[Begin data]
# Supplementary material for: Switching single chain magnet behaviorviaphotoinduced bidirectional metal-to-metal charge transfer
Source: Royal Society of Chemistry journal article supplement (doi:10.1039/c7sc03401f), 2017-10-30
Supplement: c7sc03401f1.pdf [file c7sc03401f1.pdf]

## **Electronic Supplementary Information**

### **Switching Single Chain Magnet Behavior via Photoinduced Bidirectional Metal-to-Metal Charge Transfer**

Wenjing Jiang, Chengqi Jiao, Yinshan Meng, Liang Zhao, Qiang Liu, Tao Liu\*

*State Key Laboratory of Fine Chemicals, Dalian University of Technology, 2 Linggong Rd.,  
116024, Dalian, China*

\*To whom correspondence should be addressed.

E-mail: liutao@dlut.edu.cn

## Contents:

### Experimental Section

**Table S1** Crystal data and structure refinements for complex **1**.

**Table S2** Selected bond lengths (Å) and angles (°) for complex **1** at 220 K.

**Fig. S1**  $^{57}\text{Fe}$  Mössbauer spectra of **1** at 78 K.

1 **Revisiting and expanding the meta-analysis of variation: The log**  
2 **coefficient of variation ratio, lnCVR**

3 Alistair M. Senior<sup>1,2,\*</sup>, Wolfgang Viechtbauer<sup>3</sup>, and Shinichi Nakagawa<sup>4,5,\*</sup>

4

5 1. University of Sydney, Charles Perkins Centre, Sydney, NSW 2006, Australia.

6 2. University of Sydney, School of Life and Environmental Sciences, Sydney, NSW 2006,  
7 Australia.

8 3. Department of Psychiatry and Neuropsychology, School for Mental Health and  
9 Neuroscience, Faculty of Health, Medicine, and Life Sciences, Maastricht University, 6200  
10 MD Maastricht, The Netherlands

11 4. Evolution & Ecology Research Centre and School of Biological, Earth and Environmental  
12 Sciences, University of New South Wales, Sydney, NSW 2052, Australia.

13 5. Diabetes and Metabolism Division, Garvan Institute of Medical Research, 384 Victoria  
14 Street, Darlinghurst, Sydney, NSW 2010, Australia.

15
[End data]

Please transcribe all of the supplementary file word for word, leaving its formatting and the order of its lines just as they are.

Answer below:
# Supplementary material for: Switching single chain magnet behaviorviaphotoinduced bidirectional metal-to-metal charge transfer
Source: Royal Society of Chemistry journal article supplement (doi:10.1039/c7sc03401f), 2017-10-30
Supplement: c7sc03401f1.pdf [file c7sc03401f1.pdf]

## **Electronic Supplementary Information**

### **Switching Single Chain Magnet Behavior via Photoinduced Bidirectional Metal-to-Metal Charge Transfer**

Wenjing Jiang, Chengqi Jiao, Yinshan Meng, Liang Zhao, Qiang Liu, Tao Liu\*

*State Key Laboratory of Fine Chemicals, Dalian University of Technology, 2 Linggong Rd.,  
116024, Dalian, China*

\*To whom correspondence should be addressed.

E-mail: liutao@dlut.edu.cn

## Contents:

### Experimental Section

**Table S1** Crystal data and structure refinements for complex **1**.

**Table S2** Selected bond lengths (Å) and angles (°) for complex **1** at 220 K.

**Fig. S1**  $^{57}\text{Fe}$  Mössbauer spectra of **1** at 78 K.

1 **Revisiting and expanding the meta-analysis of variation: The log**  
2 **coefficient of variation ratio, lnCVR**

3 Alistair M. Senior<sup>1,2,\*</sup>, Wolfgang Viechtbauer<sup>3</sup>, and Shinichi Nakagawa<sup>4,5,\*</sup>

4

5 1. University of Sydney, Charles Perkins Centre, Sydney, NSW 2006, Australia.

6 2. University of Sydney, School of Life and Environmental Sciences, Sydney, NSW 2006,  
7 Australia.

8 3. Department of Psychiatry and Neuropsychology, School for Mental Health and  
9 Neuroscience, Faculty of Health, Medicine, and Life Sciences, Maastricht University, 6200  
10 MD Maastricht, The Netherlands

11 4. Evolution & Ecology Research Centre and School of Biological, Earth and Environmental  
12 Sciences, University of New South Wales, Sydney, NSW 2052, Australia.

13 5. Diabetes and Metabolism Division, Garvan Institute of Medical Research, 384 Victoria  
14 Street, Darlinghurst, Sydney, NSW 2010, Australia.

15